A man leans against a half-carved stone monument taller than he is. Various other monuments surround him.
Prison Labor in Michigan
Steve Ostrander, Exhibit Developer
Michigan in the Museum
The selection of Jackson for the site of the Michigan State Prison in 1837 was a decision based on economics. Several Jackson businessmen had lobbied the State Legislature for the prison because they were seeking a source of cheap labor for their factories. The Jackson Wagon Company soon built a factory on the prison grounds, making it easy for guards to escort inmates to and from work. Inmates were paid pennies per day and worked under a quota system. Inmates who didn’t make their quotas lost privileges or were severely punished. Early factories at Jackson produced auto parts, harness and tack, binder twine, tombstones, cigars, clay tile, furniture, overalls, shoes, farm equipment, carpet, barrels, locomotive boilers, brushes, brooms, and of course, license plates.
By 1922 the State of Michigan began to operate its own factories and shops due to objections by unions that inmates were taking jobs away and working for slave wages. The intent was to make the prison self-supporting. Jackson Prison even had its own concrete block and brick factory to produce material for prison expansion projects, ironically forcing inmates to manufacture the materials used to confine them.
Prison farms produced food to feed hungry inmates. This included canned fruits and vegetables, wine and cider, with the surplus being sold to the public up until the late 1970s. The Great Depression years of the 1930s were a decade of change for Michigan prisons. The advent of Civil Service rules ended the patronage system for wardens. The Hawes-Cooper Act prohibited the sale of prison-made products in interstate commerce, and the Michigan Legislature adopted a bill limiting the sale of prison products to state institutions and tax-supported agencies only. By the 1980s, Michigan State Industries was only allowed to sell its products to nonprofit organizations as well as federal, state and local governments. MSI produced textiles, road signs, office furniture, file cabinets, cleaning supplies, work clothing and uniforms.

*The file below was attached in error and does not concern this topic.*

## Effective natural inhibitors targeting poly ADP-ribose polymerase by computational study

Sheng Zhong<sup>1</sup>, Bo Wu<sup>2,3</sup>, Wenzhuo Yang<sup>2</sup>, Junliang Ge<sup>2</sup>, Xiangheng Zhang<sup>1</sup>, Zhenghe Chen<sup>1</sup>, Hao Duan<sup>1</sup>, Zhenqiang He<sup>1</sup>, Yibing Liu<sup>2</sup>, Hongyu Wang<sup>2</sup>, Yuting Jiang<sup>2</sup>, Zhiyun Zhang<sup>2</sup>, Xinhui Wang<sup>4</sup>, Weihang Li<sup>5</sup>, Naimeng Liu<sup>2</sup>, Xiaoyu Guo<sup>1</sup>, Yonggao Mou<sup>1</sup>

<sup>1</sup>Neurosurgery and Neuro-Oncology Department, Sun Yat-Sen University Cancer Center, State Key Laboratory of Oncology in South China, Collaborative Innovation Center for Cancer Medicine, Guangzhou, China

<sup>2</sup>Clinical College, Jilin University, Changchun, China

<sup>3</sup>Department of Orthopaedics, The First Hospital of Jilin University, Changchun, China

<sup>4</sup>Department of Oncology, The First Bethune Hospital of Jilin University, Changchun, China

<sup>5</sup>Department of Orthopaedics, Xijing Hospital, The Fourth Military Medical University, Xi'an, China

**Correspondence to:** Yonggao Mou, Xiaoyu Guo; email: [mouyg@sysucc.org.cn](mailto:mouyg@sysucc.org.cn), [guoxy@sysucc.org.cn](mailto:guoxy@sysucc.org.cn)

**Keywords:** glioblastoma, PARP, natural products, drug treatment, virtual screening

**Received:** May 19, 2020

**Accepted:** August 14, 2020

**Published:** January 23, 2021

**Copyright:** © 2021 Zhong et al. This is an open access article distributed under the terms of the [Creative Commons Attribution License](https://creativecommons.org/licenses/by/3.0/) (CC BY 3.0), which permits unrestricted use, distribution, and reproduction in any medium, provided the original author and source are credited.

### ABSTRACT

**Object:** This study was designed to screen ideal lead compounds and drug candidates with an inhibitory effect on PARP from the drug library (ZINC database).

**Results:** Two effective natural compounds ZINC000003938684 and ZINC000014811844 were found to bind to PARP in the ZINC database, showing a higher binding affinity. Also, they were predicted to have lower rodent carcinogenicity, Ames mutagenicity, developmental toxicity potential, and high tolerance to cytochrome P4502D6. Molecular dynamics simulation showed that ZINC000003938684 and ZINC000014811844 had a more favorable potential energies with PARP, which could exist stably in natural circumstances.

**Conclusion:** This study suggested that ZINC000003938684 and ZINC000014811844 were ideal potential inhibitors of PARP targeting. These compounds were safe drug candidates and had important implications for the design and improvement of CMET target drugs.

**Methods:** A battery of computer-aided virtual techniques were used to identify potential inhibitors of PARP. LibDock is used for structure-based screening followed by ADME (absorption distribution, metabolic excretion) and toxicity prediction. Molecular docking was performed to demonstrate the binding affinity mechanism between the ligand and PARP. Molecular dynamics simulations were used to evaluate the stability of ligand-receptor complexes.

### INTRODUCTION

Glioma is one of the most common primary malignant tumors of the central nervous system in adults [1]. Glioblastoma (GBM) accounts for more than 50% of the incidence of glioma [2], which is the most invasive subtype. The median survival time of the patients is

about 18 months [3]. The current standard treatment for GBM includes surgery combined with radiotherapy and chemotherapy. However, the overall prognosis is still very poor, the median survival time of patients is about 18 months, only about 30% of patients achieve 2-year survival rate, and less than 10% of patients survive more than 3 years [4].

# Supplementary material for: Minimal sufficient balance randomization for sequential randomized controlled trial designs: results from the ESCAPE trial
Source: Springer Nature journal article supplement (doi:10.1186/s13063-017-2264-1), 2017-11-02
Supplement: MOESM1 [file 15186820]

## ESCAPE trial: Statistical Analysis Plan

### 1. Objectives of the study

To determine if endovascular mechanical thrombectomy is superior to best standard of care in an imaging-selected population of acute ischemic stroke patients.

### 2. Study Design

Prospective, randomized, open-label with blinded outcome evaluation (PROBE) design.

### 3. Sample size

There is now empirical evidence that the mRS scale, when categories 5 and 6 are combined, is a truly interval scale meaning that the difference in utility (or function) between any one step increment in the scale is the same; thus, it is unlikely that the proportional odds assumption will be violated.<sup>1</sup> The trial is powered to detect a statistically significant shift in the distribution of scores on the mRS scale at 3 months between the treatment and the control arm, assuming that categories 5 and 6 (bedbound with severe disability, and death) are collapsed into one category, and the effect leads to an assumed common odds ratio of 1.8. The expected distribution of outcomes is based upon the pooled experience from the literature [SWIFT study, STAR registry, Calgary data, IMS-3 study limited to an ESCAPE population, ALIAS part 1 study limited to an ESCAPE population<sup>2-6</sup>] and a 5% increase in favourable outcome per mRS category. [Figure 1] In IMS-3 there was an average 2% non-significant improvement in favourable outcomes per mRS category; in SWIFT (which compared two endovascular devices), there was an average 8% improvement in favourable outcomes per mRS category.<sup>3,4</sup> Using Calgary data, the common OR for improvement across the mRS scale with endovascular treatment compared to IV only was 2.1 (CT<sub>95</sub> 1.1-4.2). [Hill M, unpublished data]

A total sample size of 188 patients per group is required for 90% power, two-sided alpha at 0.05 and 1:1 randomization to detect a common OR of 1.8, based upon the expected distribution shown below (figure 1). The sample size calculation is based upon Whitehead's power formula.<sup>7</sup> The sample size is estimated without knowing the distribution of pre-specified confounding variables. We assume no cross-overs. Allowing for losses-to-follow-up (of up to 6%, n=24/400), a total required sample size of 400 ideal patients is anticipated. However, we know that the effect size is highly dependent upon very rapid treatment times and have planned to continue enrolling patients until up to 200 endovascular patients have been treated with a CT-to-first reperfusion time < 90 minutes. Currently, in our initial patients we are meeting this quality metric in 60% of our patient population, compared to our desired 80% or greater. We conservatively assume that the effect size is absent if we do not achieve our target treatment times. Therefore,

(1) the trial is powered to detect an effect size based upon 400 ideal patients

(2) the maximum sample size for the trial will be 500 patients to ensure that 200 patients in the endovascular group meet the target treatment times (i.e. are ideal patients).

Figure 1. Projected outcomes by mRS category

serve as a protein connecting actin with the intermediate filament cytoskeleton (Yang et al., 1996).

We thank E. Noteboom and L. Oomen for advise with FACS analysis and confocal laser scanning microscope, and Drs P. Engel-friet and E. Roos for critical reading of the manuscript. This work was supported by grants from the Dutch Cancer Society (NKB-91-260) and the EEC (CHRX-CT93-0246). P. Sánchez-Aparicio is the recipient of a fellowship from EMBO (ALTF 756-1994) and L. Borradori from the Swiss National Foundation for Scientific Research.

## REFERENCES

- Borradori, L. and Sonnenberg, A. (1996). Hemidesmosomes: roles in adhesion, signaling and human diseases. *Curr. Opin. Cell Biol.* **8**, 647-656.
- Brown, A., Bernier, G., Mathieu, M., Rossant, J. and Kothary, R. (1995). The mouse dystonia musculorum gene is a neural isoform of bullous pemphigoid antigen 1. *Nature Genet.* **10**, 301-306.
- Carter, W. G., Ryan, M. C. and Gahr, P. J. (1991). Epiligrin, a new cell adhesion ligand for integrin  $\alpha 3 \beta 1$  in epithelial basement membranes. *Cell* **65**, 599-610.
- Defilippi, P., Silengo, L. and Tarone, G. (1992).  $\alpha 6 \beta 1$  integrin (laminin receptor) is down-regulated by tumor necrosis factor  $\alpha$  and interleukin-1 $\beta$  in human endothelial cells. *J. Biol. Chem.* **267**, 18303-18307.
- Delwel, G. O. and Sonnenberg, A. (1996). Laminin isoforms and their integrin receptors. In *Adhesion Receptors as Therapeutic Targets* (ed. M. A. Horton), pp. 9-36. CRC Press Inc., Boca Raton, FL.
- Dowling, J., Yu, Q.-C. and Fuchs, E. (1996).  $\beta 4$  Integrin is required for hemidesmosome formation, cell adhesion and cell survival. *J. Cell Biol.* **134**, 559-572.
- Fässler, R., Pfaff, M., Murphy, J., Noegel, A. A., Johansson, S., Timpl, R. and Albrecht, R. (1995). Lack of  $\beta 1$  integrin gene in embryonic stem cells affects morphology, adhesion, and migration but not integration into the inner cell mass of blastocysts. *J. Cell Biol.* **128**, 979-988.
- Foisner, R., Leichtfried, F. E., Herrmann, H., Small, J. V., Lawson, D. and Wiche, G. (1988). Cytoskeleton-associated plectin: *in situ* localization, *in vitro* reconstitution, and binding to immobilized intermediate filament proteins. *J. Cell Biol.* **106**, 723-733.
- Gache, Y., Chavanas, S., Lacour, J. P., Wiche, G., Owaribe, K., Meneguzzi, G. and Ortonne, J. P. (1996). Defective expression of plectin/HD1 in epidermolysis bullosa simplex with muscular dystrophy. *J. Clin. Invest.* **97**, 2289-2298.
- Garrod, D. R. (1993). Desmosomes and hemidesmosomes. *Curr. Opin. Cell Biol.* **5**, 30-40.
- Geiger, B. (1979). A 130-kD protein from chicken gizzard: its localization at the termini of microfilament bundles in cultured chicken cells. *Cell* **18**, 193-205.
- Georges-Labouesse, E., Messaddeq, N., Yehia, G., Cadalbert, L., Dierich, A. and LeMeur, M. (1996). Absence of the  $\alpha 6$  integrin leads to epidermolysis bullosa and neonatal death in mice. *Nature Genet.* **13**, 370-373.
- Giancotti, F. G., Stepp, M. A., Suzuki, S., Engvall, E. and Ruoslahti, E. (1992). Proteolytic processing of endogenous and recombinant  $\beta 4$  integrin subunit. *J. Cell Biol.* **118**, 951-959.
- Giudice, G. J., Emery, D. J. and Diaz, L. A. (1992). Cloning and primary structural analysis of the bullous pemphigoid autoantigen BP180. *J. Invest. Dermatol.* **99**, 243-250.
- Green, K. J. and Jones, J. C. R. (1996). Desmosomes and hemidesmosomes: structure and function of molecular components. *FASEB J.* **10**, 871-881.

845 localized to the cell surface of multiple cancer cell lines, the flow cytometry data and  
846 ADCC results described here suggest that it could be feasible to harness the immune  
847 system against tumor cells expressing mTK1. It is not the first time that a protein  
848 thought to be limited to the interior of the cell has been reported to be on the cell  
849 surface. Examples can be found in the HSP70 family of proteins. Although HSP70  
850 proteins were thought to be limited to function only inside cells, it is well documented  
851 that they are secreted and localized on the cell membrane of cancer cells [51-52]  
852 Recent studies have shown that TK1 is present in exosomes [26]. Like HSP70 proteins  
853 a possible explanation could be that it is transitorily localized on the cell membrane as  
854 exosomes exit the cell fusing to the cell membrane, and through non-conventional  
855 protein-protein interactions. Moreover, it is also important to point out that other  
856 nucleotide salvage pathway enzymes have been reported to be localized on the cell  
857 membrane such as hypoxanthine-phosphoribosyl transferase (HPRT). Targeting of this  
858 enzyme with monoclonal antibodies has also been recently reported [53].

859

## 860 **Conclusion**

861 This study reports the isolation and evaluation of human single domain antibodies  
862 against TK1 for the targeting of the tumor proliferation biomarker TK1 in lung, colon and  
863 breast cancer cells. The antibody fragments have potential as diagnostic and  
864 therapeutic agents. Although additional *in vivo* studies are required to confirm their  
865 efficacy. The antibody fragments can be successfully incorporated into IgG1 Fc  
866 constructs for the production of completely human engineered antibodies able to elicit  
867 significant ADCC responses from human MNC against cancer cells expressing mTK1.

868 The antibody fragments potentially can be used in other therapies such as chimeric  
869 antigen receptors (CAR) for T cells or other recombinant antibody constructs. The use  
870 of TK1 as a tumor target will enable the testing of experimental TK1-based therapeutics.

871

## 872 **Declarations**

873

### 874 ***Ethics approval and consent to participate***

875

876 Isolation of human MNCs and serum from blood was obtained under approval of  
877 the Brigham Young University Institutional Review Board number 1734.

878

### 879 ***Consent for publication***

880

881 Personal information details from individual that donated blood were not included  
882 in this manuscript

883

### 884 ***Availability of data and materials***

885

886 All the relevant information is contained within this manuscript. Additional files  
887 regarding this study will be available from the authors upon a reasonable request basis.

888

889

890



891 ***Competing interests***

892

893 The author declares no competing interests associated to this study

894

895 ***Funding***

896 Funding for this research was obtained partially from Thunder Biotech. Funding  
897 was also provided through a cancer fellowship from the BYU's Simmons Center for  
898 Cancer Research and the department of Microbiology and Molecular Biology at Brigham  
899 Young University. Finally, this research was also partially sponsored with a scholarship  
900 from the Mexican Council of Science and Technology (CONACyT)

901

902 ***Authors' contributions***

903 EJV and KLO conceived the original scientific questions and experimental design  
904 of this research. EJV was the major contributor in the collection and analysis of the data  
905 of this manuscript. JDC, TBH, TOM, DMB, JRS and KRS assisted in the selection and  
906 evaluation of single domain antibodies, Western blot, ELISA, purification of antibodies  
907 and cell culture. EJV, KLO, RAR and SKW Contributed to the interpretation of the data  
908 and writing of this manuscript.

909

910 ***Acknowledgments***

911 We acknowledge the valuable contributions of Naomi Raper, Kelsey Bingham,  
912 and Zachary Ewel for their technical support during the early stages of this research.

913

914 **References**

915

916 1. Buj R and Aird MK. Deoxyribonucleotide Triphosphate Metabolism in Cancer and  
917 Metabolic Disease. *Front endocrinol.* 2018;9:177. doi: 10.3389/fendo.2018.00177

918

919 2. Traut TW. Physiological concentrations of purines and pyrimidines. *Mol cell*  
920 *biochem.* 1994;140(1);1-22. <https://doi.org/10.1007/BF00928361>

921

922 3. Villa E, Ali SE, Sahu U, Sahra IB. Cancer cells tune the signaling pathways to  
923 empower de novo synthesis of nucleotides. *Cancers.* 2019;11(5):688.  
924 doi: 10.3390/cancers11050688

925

States of Incarceration
Learn more about the history of incarceration in the traveling exhibit, States of Incarceration
Many fascinating stories like this one were featured in our special exhibit, States of Incarceration, from September 2018 - May 2019. This national traveling exhibit explores the history and impact of mass incarceration nationwide. During its run at the Michigan History Museum, it included stories throughout to reflect specifically on Michigan’s place in the past and future of mass incarceration.
Albert M. Ewert was a chaplain with the Michigan Department of Corrections in the 1930s, a time when prison reform was a big issue across the United States. Reverend Ewert was at the forefront of this reform in Michigan… Read More
During World War II, over 6,000 prisoners were housed in Prisoner of War (POW) camps in Michigan. Approximately 1,000 POWs were held in the Upper Peninsula, while 5,000 were housed in the Lower Peninsula… Read More
Reimund Holzhey robbed stagecoach and train passengers in northern Michigan and Wisconsin during the late 1880s. His downfall began on August 26, 1889, when he stopped a stagecoach between Gogebic Station and Lake Gogebic. In the process of robbing it, he shot Adolph G. Fleischbein… Read More
In the early 1880s Jackson Wagon Company received a telegram from the world-famous circus master P.T. Barnum. He inquired whether the Jackson company could build a wagon that was sturdy enough to hold 13,000 pounds. It seemed that one of Barnum’s star attractions, Jumbo… Read More
Ewert was part of a reform movement within the penal system across the country. This movement placed an emphasis on education and rehabilitation long before prisoner re-entry programs were officially developed. Along with his suggested reforms of the parole system, Reverend Ewert developed an arts… Read More
During a promotional tour of the Upper Peninsula during the summer of 1953, Detroit Red Wings general manager Jack Adams and team captain Ted Lindsay visited the Marquette Branch Prison. After a tour of the correctional facility, warden Emery Jacques invited the Red Wings back… Read More
Today we are relatively accustomed to the idea of old, closed-down prisons being destinations for curious tourists; think Alcatraz Island and the Eastern State Penitentiary in Pennsylvania. But the idea of prisons as tourist attractions has been around since the 19th century - though not… Read More
"States of Incarceration" is a national traveling exhibit that looks at the history and future of mass incarceration in the United States. In It was created by university students and formerly incarcerated individuals from 30 communities across the country. Investigating why the U.S. incarcerates more… Read More